by evan junker
Sam Houston was known to be a drinker and womanizer among other things. He married multiple times, finally to a devout Baptist who seemingly changed his ways immediately. He was baptized by immersion in Little Rocky Creek, just outside of Independence, Texas. The minister, upon raising him from the creek, said to Houston, “Your sins are washed away!” A stone-faced Houston replied, “God help the poor fish below.”
It is easy to believe that a humorous quip such as this is not relevant to our modern lives. But I have found that Houston quote in the voices of those on phone calls and the faces of those on zoom videoconferences in recent weeks. It is a sad testament to the idea of a “zero-sum” existence. If we are given something, we must pay something. If someone else expects something, they must give us something. There is no such thing as a free lunch, it is only fair, you get what you deserve, and other such sayings underlie our human interactions.
With the onset of the pandemic, many of us experienced increased stress and lowered patience – with both ourselves and others. I found myself hypercritical of my own work as well as those of others. The smallest things aroused frustration and sadness, while joy and excitement remained elusive. A wild vulture living in my barn was hurt by a feral cat and I was forlorn for days! When a client deadline was missed you would have thought someone had stabbed me!
One night I lay awake stewing over how to confront a neighbor over a slight transgression of their property line. Around 2AM I found myself reflecting on 1 Peter 4:8-10:
“Above all, maintain constant love for one another, for love covers a multitude of sins. Be hospitable to one another without complaining. Like good stewards of the manifold grace of God, serve one another with whatever gift each of you has received.”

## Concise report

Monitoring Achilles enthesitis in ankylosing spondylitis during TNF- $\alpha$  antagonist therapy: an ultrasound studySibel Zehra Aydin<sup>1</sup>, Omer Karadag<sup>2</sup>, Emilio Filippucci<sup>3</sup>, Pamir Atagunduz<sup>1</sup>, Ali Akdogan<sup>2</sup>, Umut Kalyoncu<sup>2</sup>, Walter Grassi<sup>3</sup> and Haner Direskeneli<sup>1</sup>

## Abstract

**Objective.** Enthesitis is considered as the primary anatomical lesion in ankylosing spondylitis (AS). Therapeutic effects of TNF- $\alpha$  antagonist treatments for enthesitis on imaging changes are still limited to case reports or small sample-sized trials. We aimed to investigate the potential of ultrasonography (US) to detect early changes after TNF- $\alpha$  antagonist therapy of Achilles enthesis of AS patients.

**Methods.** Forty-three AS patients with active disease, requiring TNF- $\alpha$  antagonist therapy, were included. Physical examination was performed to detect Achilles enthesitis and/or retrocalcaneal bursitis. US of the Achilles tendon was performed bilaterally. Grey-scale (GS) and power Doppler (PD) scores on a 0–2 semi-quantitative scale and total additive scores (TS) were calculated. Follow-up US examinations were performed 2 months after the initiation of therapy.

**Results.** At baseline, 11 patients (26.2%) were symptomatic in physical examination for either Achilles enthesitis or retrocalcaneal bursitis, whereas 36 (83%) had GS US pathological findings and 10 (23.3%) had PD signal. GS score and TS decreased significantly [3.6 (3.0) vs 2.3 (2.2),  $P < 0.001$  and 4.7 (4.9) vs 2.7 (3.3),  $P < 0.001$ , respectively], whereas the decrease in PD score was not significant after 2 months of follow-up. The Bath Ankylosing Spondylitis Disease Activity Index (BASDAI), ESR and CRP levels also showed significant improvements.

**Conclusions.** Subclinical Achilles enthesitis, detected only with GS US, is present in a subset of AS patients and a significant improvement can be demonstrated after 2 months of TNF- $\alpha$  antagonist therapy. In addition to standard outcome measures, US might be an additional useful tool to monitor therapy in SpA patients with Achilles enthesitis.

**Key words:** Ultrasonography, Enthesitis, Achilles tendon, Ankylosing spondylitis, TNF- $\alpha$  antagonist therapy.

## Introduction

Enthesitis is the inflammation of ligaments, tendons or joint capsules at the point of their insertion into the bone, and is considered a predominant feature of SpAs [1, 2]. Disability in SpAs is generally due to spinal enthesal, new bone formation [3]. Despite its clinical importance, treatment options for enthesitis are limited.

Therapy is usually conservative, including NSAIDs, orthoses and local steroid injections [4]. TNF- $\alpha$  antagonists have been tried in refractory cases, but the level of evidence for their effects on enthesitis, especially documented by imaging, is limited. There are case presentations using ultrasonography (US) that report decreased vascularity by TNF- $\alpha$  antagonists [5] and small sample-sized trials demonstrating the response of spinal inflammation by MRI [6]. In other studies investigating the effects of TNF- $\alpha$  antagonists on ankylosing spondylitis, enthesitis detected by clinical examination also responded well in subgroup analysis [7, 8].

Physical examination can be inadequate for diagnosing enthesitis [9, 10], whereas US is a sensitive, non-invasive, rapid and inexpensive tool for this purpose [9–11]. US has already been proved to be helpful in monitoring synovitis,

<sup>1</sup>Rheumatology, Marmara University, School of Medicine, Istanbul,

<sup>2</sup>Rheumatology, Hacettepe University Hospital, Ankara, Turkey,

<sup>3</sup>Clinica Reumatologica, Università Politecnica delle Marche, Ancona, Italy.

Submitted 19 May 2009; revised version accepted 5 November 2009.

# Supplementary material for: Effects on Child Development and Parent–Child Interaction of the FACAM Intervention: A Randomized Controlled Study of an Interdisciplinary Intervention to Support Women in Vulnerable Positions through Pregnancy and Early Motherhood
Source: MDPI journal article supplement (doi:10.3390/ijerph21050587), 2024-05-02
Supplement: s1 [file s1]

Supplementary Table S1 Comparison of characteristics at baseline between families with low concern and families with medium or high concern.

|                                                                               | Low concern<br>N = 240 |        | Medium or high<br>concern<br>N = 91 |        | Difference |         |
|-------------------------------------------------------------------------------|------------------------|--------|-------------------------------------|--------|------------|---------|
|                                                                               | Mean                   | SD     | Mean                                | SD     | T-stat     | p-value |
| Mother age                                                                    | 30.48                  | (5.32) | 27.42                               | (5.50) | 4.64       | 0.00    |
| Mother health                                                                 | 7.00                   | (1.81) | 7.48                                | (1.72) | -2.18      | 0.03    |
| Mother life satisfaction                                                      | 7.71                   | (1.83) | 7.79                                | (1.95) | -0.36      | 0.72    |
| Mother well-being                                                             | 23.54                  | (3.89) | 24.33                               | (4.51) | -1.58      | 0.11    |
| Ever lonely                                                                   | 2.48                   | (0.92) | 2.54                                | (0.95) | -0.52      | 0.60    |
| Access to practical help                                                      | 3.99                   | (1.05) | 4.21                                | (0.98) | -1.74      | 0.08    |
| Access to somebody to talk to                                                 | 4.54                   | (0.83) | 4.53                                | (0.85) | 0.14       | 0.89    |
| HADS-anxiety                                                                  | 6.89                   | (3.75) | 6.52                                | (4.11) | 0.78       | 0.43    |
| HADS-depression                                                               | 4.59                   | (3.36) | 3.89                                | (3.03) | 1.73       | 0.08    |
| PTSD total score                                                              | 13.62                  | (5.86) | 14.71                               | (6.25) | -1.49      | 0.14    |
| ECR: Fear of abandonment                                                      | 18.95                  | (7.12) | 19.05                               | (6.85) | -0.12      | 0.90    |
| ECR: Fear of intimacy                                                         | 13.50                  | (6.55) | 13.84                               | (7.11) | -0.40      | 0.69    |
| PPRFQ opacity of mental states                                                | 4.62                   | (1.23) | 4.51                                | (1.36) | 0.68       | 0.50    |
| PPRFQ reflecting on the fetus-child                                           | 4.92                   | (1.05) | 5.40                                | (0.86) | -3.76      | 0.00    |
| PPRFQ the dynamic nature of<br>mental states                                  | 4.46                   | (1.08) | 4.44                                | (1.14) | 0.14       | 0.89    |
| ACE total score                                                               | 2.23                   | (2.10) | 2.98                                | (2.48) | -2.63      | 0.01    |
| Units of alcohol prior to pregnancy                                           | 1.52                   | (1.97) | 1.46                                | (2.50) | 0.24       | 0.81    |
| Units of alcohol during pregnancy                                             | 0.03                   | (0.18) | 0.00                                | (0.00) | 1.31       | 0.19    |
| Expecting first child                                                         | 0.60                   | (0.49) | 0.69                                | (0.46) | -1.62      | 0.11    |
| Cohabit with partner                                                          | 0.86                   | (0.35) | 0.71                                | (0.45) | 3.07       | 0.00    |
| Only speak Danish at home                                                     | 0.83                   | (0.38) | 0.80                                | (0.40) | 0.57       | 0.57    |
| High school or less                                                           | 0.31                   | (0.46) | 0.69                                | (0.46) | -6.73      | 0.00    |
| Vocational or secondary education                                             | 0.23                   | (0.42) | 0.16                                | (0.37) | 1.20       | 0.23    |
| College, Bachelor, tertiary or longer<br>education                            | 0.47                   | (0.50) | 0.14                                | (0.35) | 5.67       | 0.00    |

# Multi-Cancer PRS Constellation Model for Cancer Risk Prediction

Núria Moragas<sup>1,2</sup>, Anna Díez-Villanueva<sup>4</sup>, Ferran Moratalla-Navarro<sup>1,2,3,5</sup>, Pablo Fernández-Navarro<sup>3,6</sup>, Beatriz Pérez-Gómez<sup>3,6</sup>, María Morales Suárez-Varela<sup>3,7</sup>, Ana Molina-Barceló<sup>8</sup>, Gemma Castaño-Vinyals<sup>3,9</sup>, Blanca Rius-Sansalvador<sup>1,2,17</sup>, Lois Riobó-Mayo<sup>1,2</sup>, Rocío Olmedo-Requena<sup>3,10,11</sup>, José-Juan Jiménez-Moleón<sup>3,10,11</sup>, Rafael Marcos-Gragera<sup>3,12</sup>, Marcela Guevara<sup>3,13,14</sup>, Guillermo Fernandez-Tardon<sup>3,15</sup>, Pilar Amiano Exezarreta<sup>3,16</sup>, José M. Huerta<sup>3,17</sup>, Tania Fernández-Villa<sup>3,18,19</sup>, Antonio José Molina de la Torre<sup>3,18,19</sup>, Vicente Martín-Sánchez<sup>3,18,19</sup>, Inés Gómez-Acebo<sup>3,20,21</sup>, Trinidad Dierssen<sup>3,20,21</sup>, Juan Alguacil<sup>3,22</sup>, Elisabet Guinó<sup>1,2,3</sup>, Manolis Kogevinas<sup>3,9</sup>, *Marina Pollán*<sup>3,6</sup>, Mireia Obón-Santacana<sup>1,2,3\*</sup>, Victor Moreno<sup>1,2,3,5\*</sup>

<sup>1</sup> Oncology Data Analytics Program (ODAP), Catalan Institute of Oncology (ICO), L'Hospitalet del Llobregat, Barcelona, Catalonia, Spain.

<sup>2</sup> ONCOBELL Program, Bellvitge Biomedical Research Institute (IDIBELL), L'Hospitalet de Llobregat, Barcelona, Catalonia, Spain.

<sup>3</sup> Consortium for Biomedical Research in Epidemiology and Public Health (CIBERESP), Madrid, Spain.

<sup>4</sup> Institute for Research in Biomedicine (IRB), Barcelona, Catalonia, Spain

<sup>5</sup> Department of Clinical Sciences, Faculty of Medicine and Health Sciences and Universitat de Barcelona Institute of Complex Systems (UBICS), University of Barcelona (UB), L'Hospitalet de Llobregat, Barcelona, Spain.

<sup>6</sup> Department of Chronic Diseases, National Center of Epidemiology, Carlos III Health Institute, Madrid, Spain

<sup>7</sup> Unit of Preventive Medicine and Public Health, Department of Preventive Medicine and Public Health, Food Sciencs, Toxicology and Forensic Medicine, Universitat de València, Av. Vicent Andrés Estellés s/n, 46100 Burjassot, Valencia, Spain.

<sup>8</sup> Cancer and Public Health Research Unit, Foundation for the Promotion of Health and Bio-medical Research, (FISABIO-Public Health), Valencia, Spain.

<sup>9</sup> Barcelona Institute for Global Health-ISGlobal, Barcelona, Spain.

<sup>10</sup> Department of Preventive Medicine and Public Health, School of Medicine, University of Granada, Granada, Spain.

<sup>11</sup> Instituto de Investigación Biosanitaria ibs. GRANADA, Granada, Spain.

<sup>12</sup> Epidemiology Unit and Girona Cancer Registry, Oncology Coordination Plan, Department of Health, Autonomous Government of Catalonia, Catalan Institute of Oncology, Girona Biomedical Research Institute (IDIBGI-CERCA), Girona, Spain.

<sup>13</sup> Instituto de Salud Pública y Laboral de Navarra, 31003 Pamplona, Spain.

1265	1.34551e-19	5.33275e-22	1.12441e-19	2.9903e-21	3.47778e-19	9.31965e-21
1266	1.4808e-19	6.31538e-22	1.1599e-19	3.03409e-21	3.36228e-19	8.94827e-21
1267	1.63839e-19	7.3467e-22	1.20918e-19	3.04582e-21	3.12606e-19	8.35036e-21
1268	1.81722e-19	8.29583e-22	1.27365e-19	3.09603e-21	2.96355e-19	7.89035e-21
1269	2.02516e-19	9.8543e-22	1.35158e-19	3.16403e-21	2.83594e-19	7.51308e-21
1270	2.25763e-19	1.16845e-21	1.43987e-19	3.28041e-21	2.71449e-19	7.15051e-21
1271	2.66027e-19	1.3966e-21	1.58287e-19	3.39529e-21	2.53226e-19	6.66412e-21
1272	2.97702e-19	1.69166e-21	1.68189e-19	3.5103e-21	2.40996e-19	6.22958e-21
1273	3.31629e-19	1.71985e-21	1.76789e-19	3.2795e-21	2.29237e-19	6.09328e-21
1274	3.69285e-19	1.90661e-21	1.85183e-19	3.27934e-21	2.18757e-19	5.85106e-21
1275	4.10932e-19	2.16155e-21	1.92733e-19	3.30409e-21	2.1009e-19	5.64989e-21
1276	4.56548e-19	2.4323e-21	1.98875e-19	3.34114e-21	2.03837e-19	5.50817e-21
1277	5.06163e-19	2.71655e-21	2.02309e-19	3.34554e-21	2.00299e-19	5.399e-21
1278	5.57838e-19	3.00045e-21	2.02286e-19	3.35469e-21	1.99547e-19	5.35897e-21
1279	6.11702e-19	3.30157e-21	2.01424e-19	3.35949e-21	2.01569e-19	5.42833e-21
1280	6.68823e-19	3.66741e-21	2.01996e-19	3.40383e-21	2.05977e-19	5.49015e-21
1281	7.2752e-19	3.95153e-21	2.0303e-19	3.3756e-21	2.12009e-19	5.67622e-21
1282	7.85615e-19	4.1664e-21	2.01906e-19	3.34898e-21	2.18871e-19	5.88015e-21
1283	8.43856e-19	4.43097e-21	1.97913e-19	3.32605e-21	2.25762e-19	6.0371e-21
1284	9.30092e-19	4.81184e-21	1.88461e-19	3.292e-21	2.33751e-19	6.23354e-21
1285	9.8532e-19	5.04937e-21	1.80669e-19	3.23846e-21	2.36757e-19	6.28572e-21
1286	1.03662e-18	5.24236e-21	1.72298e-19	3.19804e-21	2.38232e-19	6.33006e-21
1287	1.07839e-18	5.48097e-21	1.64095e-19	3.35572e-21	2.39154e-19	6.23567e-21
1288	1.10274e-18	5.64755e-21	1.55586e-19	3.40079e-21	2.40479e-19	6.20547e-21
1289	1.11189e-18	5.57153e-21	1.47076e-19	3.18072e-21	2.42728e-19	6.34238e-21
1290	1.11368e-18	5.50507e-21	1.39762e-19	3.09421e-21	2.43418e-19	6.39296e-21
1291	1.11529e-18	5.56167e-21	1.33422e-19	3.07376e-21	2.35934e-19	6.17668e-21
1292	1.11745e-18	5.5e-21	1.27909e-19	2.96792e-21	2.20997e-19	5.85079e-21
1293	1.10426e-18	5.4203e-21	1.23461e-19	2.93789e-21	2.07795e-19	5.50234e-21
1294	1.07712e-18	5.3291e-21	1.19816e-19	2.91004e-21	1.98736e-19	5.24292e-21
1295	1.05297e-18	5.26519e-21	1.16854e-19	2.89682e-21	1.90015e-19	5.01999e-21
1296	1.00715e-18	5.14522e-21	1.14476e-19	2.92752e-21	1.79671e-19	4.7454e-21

Well, if that didn’t smack me upside the head like a brick! I was going about my frustrations the wrong way! I had focused so much on maintaining things the way they were before the pandemic, I was not willing to act as we are taught as Christians – through love, hospitality and grace. I kept holding myself and others to standards that were simply not feasible and responding in ways seeking to make things “fair” or “right” or “even” – to resolve the zero-sum game in my favor. But God’s grace is not a zero-sum thing – and his instructions to us call us to a higher standard.
I started doing my daily meditations again. I began looking for silver linings in things. I became more patient with myself – and others. When we reflect on the grace of God and all it empowers us to do, we can see what is possible to accept in a time of stress. I have had no shortage of things go awry. In fact, more stresses come at me every day! Yet each day I find myself more and more at peace – with myself, with others, and with God. Grace has given me a superpower over stress. I hope it may serve you as well.